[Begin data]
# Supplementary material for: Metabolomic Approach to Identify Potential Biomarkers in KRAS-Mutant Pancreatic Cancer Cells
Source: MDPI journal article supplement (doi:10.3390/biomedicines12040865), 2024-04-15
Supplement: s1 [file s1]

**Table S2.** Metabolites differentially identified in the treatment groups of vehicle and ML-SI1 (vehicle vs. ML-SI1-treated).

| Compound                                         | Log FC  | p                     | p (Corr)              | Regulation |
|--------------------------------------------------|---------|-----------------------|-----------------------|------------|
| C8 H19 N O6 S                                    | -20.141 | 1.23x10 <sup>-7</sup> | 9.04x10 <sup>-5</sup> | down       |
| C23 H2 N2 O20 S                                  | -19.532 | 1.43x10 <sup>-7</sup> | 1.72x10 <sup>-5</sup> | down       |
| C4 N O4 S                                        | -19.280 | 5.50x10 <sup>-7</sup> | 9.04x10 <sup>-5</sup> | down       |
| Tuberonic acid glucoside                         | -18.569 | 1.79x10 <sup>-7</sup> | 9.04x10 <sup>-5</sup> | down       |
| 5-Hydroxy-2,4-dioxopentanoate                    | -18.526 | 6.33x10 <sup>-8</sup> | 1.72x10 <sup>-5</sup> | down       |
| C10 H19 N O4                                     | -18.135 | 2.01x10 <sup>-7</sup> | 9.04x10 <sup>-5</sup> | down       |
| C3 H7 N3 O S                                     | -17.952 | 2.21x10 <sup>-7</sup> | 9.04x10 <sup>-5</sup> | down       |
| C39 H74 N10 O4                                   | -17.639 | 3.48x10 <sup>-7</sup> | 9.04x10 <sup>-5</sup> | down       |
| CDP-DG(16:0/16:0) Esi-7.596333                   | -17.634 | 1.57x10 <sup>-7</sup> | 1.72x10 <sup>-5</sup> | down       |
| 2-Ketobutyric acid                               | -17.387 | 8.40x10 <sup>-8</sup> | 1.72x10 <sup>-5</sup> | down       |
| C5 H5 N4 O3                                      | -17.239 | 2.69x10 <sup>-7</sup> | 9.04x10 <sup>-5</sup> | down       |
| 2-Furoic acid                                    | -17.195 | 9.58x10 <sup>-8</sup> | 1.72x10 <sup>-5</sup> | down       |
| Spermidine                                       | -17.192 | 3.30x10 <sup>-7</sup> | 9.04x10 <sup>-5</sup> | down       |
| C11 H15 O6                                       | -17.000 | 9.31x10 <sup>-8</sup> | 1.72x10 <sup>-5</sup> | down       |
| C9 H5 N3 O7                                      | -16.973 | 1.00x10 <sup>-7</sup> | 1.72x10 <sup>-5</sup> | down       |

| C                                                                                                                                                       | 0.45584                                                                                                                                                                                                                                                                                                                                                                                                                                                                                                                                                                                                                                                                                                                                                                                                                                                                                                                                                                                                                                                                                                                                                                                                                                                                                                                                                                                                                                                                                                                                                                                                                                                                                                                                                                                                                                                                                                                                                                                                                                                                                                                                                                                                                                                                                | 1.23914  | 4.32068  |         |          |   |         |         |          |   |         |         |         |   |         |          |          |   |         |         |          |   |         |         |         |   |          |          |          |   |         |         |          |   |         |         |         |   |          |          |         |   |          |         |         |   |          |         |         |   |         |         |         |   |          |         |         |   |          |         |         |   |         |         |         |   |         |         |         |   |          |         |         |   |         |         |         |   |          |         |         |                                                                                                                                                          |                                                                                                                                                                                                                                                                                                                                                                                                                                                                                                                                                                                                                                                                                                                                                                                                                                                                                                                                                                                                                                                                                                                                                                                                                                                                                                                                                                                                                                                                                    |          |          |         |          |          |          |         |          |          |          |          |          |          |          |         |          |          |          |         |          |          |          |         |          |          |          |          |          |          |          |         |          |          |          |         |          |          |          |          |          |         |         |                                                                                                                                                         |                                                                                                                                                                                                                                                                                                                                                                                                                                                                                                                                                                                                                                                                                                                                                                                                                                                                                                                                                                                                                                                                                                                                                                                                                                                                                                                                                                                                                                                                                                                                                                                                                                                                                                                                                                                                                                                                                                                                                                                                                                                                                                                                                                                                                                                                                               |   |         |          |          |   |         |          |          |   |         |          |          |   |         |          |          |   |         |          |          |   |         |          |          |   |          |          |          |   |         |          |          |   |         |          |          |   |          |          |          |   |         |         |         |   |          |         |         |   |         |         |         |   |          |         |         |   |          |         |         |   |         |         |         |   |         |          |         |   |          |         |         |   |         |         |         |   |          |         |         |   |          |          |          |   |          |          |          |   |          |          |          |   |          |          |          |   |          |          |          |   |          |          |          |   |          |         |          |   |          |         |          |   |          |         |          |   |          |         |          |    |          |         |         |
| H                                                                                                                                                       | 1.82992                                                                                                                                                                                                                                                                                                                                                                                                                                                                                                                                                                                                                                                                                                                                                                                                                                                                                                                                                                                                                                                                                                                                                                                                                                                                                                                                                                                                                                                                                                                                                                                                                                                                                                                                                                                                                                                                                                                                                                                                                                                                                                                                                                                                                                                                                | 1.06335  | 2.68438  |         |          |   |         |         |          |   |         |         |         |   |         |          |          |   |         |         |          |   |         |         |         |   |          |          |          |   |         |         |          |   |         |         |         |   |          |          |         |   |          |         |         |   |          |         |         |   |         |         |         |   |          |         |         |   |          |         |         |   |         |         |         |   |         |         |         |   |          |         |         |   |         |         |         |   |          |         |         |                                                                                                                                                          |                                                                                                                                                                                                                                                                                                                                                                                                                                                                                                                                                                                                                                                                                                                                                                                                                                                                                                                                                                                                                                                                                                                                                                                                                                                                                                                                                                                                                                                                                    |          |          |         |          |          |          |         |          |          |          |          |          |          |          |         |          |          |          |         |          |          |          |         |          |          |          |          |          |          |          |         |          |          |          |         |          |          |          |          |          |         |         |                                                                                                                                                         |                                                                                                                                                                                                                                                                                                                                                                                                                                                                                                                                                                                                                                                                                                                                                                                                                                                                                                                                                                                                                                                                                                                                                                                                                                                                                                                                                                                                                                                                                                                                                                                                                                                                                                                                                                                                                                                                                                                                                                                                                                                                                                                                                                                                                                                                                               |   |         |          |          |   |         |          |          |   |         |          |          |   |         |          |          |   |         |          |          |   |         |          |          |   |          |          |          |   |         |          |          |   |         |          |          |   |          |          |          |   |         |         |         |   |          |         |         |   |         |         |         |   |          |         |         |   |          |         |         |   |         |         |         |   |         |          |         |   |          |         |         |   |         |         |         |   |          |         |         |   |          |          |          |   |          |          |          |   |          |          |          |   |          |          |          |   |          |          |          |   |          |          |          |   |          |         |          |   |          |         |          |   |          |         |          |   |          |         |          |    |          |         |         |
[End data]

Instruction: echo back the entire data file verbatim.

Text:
# Supplementary material for: Metabolomic Approach to Identify Potential Biomarkers in KRAS-Mutant Pancreatic Cancer Cells
Source: MDPI journal article supplement (doi:10.3390/biomedicines12040865), 2024-04-15
Supplement: s1 [file s1]

**Table S2.** Metabolites differentially identified in the treatment groups of vehicle and ML-SI1 (vehicle vs. ML-SI1-treated).

| Compound                                         | Log FC  | p                     | p (Corr)              | Regulation |
|--------------------------------------------------|---------|-----------------------|-----------------------|------------|
| C8 H19 N O6 S                                    | -20.141 | 1.23x10 <sup>-7</sup> | 9.04x10 <sup>-5</sup> | down       |
| C23 H2 N2 O20 S                                  | -19.532 | 1.43x10 <sup>-7</sup> | 1.72x10 <sup>-5</sup> | down       |
| C4 N O4 S                                        | -19.280 | 5.50x10 <sup>-7</sup> | 9.04x10 <sup>-5</sup> | down       |
| Tuberonic acid glucoside                         | -18.569 | 1.79x10 <sup>-7</sup> | 9.04x10 <sup>-5</sup> | down       |
| 5-Hydroxy-2,4-dioxopentanoate                    | -18.526 | 6.33x10 <sup>-8</sup> | 1.72x10 <sup>-5</sup> | down       |
| C10 H19 N O4                                     | -18.135 | 2.01x10 <sup>-7</sup> | 9.04x10 <sup>-5</sup> | down       |
| C3 H7 N3 O S                                     | -17.952 | 2.21x10 <sup>-7</sup> | 9.04x10 <sup>-5</sup> | down       |
| C39 H74 N10 O4                                   | -17.639 | 3.48x10 <sup>-7</sup> | 9.04x10 <sup>-5</sup> | down       |
| CDP-DG(16:0/16:0) Esi-7.596333                   | -17.634 | 1.57x10 <sup>-7</sup> | 1.72x10 <sup>-5</sup> | down       |
| 2-Ketobutyric acid                               | -17.387 | 8.40x10 <sup>-8</sup> | 1.72x10 <sup>-5</sup> | down       |
| C5 H5 N4 O3                                      | -17.239 | 2.69x10 <sup>-7</sup> | 9.04x10 <sup>-5</sup> | down       |
| 2-Furoic acid                                    | -17.195 | 9.58x10 <sup>-8</sup> | 1.72x10 <sup>-5</sup> | down       |
| Spermidine                                       | -17.192 | 3.30x10 <sup>-7</sup> | 9.04x10 <sup>-5</sup> | down       |
| C11 H15 O6                                       | -17.000 | 9.31x10 <sup>-8</sup> | 1.72x10 <sup>-5</sup> | down       |
| C9 H5 N3 O7                                      | -16.973 | 1.00x10 <sup>-7</sup> | 1.72x10 <sup>-5</sup> | down       |

| C                                                                                                                                                       | 0.45584                                                                                                                                                                                                                                                                                                                                                                                                                                                                                                                                                                                                                                                                                                                                                                                                                                                                                                                                                                                                                                                                                                                                                                                                                                                                                                                                                                                                                                                                                                                                                                                                                                                                                                                                                                                                                                                                                                                                                                                                                                                                                                                                                                                                                                                                                | 1.23914  | 4.32068  |         |          |   |         |         |          |   |         |         |         |   |         |          |          |   |         |         |          |   |         |         |         |   |          |          |          |   |         |         |          |   |         |         |         |   |          |          |         |   |          |         |         |   |          |         |         |   |         |         |         |   |          |         |         |   |          |         |         |   |         |         |         |   |         |         |         |   |          |         |         |   |         |         |         |   |          |         |         |                                                                                                                                                          |                                                                                                                                                                                                                                                                                                                                                                                                                                                                                                                                                                                                                                                                                                                                                                                                                                                                                                                                                                                                                                                                                                                                                                                                                                                                                                                                                                                                                                                                                    |          |          |         |          |          |          |         |          |          |          |          |          |          |          |         |          |          |          |         |          |          |          |         |          |          |          |          |          |          |          |         |          |          |          |         |          |          |          |          |          |         |         |                                                                                                                                                         |                                                                                                                                                                                                                                                                                                                                                                                                                                                                                                                                                                                                                                                                                                                                                                                                                                                                                                                                                                                                                                                                                                                                                                                                                                                                                                                                                                                                                                                                                                                                                                                                                                                                                                                                                                                                                                                                                                                                                                                                                                                                                                                                                                                                                                                                                               |   |         |          |          |   |         |          |          |   |         |          |          |   |         |          |          |   |         |          |          |   |         |          |          |   |          |          |          |   |         |          |          |   |         |          |          |   |          |          |          |   |         |         |         |   |          |         |         |   |         |         |         |   |          |         |         |   |          |         |         |   |         |         |         |   |         |          |         |   |          |         |         |   |         |         |         |   |          |         |         |   |          |          |          |   |          |          |          |   |          |          |          |   |          |          |          |   |          |          |          |   |          |          |          |   |          |         |          |   |          |         |          |   |          |         |          |   |          |         |          |    |          |         |         |
| H                                                                                                                                                       | 1.82992                                                                                                                                                                                                                                                                                                                                                                                                                                                                                                                                                                                                                                                                                                                                                                                                                                                                                                                                                                                                                                                                                                                                                                                                                                                                                                                                                                                                                                                                                                                                                                                                                                                                                                                                                                                                                                                                                                                                                                                                                                                                                                                                                                                                                                                                                | 1.06335  | 2.68438  |         |          |   |         |         |          |   |         |         |         |   |         |          |          |   |         |         |          |   |         |         |         |   |          |          |          |   |         |         |          |   |         |         |         |   |          |          |         |   |          |         |         |   |          |         |         |   |         |         |         |   |          |         |         |   |          |         |         |   |         |         |         |   |         |         |         |   |          |         |         |   |         |         |         |   |          |         |         |                                                                                                                                                          |                                                                                                                                                                                                                                                                                                                                                                                                                                                                                                                                                                                                                                                                                                                                                                                                                                                                                                                                                                                                                                                                                                                                                                                                                                                                                                                                                                                                                                                                                    |          |          |         |          |          |          |         |          |          |          |          |          |          |          |         |          |          |          |         |          |          |          |         |          |          |          |          |          |          |          |         |          |          |          |         |          |          |          |          |          |         |         |                                                                                                                                                         |                                                                                                                                                                                                                                                                                                                                                                                                                                                                                                                                                                                                                                                                                                                                                                                                                                                                                                                                                                                                                                                                                                                                                                                                                                                                                                                                                                                                                                                                                                                                                                                                                                                                                                                                                                                                                                                                                                                                                                                                                                                                                                                                                                                                                                                                                               |   |         |          |          |   |         |          |          |   |         |          |          |   |         |          |          |   |         |          |          |   |         |          |          |   |          |          |          |   |         |          |          |   |         |          |          |   |          |          |          |   |         |         |         |   |          |         |         |   |         |         |         |   |          |         |         |   |          |         |         |   |         |         |         |   |         |          |         |   |          |         |         |   |         |         |         |   |          |         |         |   |          |          |          |   |          |          |          |   |          |          |          |   |          |          |          |   |          |          |          |   |          |          |          |   |          |         |          |   |          |         |          |   |          |         |          |   |          |         |          |    |          |         |         |